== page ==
In the introduction to the Prophetical Office the following passage is read: “And the child Samuel administered to the Lord before Eli. And it came to pass at that time when Eli was laid down in his place and his eyes began to wax dim that he could not see because the lamp of God went out in the temple of the Lord. And Samuel was laid down to sleep and the Lord called Samuel and he answered “Here I am for thou called me” And He said “Lie down again for I called not.”  (Freemason Manual, Jeremiah How, Ch. 16, p. 180.)


The ‘people-shooting hat’

Salinger then brings up the most important image in the book, his ‘people-shooting hat’. As is often the case in cryptic writing, the literal but unexpected meaning is the correct one. In other words, Holden will wear the hat while he is (figuratively) shooting people at the book’s conclusion.

He took another look at my hat while he was cleaning them. “Up home we wear a hat like that to shoot deer in, for Chrissake,” he said. “That’s a deer shooting hat.” 

“Like hell it is.” I took it off and looked at it. I sort of closed one eye, like I was taking aim at it. “This is a people shooting hat,” I said. “I shoot people in this hat.” 

Notice that Salinger invokes the concept “one eye” in the passage. This reminds us of the ‘one eye’ of Providence, or the ancient Egyptian Eye of Horus; or, if you prefer, the all-seeing ‘eye of God’ floating at the peak of the unfinished pyramid on the US dollar bill. It is, of course, a renowned symbol of Freemasonry. For Salinger, it is an eyeball taking aim down the barrel of a rifle, an evil eye, a harbinger of death and genocide.

Re-enacting the death of Hiram Abiff

Salinger then goes on to describe a ‘blind person who seeks the hand of a sighted one.” This is another representation of the Freemason third degree initiation ritual wherein the initiate is blindfolded, holds the hand of his mentors, and then is knocked to the ground in imitation of the death of Hiram Abiff.

I slid way the hell down in my chair and watched old Ackley making himself at home. I was feeling sort of tired from the trip to New York and all, and I started yawning. Then I started horsing around a little bit. Sometimes I horse around quite a lot, just to keep from getting bored. What I did was, I pulled the old peak of my hunting hat around to the front, then pulled it way down over my eyes. That way, I couldn’t see a goddam thing. “I think I’m going blind,” I said in this very hoarse voice. “Mother darling, everything’s getting so dark in here.”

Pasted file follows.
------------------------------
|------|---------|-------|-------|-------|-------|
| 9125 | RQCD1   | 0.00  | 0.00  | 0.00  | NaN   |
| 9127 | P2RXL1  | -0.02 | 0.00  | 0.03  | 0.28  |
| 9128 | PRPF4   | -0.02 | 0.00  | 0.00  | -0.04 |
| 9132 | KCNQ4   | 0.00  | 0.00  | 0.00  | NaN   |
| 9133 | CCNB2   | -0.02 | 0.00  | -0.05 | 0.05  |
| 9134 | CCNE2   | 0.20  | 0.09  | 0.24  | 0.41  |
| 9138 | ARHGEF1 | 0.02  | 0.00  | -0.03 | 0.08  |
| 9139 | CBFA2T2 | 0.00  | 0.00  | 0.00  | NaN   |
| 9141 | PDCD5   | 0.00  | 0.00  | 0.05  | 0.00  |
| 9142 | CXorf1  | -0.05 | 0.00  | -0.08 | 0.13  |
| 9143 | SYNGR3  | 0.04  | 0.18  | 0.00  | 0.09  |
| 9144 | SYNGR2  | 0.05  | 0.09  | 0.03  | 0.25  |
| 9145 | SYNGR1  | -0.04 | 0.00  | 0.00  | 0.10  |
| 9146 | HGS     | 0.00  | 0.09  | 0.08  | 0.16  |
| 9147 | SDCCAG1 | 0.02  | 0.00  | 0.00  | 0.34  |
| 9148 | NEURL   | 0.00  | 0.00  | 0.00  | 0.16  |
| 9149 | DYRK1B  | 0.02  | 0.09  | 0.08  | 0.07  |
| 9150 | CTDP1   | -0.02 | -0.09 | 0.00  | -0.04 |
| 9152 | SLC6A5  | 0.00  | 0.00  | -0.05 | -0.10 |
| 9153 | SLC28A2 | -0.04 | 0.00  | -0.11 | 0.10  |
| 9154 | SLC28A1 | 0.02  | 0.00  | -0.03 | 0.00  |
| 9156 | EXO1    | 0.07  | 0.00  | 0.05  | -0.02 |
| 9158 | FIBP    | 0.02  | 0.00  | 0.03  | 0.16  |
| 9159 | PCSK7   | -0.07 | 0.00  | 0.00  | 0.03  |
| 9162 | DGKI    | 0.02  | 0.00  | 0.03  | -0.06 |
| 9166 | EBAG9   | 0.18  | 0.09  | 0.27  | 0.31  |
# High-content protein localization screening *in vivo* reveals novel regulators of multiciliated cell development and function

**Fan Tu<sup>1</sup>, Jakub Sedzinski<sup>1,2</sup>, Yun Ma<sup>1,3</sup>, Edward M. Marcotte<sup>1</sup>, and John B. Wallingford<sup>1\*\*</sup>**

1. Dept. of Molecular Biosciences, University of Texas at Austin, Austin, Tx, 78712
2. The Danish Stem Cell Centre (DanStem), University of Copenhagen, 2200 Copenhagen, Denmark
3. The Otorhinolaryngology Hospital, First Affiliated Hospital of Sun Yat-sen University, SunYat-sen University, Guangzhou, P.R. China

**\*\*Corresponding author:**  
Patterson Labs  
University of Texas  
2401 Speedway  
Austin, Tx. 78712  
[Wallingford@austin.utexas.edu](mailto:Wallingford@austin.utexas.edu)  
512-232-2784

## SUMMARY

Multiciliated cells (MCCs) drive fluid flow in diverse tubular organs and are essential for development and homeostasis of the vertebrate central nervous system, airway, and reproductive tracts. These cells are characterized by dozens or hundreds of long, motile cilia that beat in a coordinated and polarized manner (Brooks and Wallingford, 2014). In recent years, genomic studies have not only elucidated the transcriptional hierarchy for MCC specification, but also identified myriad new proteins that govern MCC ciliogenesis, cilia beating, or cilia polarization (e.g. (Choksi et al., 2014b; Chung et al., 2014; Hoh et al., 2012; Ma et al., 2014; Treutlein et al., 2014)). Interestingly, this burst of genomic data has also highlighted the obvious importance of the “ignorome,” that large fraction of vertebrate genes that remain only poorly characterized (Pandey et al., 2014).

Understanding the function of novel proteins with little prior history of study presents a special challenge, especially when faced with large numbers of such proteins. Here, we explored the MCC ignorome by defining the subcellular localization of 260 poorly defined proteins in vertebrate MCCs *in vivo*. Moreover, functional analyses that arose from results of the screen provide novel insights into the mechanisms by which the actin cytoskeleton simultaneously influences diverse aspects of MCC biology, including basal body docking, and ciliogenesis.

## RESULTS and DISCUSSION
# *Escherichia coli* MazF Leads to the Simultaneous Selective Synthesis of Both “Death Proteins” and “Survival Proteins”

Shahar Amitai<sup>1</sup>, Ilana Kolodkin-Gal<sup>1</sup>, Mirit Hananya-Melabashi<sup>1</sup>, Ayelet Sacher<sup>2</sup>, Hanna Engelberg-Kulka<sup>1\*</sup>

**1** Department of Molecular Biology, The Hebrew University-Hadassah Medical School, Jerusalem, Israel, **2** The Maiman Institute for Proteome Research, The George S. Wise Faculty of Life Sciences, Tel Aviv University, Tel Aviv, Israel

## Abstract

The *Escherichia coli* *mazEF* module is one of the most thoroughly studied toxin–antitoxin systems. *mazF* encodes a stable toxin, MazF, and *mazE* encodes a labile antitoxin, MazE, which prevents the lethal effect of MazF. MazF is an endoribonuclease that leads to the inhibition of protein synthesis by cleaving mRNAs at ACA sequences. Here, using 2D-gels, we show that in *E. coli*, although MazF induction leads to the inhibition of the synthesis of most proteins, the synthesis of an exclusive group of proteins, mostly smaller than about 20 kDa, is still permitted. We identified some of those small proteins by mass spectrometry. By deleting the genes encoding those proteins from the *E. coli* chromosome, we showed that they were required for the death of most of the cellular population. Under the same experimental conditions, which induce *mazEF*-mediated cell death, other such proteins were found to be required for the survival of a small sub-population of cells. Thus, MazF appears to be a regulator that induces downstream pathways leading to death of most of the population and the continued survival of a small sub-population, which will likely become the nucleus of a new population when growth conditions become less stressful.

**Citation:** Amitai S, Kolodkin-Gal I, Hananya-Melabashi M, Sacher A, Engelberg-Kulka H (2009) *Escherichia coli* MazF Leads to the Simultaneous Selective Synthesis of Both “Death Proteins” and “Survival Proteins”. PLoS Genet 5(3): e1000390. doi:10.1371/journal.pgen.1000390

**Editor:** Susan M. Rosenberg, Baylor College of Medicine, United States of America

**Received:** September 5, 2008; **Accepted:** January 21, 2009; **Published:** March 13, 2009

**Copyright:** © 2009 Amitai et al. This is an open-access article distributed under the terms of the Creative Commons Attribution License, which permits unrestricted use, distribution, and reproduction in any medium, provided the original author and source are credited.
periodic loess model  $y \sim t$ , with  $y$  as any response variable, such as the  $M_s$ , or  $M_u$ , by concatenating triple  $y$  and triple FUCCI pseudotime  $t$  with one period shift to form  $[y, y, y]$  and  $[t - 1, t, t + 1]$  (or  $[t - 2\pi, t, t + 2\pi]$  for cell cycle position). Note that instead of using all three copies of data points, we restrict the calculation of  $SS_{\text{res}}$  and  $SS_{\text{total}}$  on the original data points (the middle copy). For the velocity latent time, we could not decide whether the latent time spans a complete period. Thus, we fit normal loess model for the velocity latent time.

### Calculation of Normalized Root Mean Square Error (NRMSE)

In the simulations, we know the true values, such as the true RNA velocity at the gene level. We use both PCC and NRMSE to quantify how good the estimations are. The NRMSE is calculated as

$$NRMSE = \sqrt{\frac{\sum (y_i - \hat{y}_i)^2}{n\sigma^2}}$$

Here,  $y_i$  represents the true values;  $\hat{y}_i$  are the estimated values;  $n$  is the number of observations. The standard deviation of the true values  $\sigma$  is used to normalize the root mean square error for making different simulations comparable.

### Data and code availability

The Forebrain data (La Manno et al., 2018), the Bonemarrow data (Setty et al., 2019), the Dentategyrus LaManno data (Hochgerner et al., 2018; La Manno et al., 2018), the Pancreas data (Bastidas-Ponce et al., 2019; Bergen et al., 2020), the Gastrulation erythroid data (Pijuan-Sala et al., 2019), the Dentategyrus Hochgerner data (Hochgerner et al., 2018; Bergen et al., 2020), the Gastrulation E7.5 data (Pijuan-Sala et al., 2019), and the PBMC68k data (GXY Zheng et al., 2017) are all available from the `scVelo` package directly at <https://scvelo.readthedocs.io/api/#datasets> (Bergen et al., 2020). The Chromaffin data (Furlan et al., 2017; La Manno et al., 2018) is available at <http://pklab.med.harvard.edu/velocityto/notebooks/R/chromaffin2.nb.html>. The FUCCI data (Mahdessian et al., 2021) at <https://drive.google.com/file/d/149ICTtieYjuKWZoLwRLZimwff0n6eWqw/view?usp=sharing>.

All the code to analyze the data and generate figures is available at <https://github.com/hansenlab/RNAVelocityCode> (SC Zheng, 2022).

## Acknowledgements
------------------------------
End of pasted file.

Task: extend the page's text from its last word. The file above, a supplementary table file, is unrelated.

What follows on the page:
“You’re nuts. I swear to God,” Ackley said.

“Mother darling, give me your hand, Why won’t you give me your hand?”

“For Chrissake, grow up.”

I started groping around in front of me, like a blind guy, but without getting up or anything. I kept saying, “Mother darling, why won’t you give me your hand?” I was only horsing around, naturally. That stuff gives me a bang sometimes. Besides, I know it annoyed hell out of old Ackley. He always brought out the old sadist in me. I was pretty sadistic with him quite often. Finally, I quit, though. I pulled the peak around to the back again, and relaxed.”

Then he really let one go at me, and the next thing I knew I was on the goddam floor again. I don’t remember if he knocked me out or not, but I don’t think so. It’s pretty hard to knock a guy out, except in the goddam movies. But my nose was bleeding all over the place. When I looked up old Stradlater was standing practically right on top of me. He had his goddam toilet kit under his arm. “Why the hell don’tcha shut up when I tellya to?”

Bernice doesn’t like that type language

In another fascinating passage, Salinger describes the language style of the Oligarchs – typology, or as he playfully terms it “type language”. Caulfield dances with ‘three witches’ in the ‘Lavender Room’. ‘Royal Purple’ is a popular variety of lavender, so this tells us that the three witches represent royalty. Caulfield describes “Bernice” as a “real queen”, indicating that she is a ‘type’ of Bernice the granddaughter of Herod the Great who helped create the ‘type language’ in the Gospels. The other two ‘witches’ are pagan goddesses: dancing with Marty is said to be like “dragging the Statue of Liberty around the floor”. That is, the famous gigantic idol of the Goddess known as Libertas (and also known as Aphrodite, Ishtar, Astarte, Isis or Venus), designed by the masonic sculptor Frederic Bartoldi.  Marty’s sister Laverne seems to be another obscure Latin goddess, Lavarna, the patron saint of thieves and the underworld.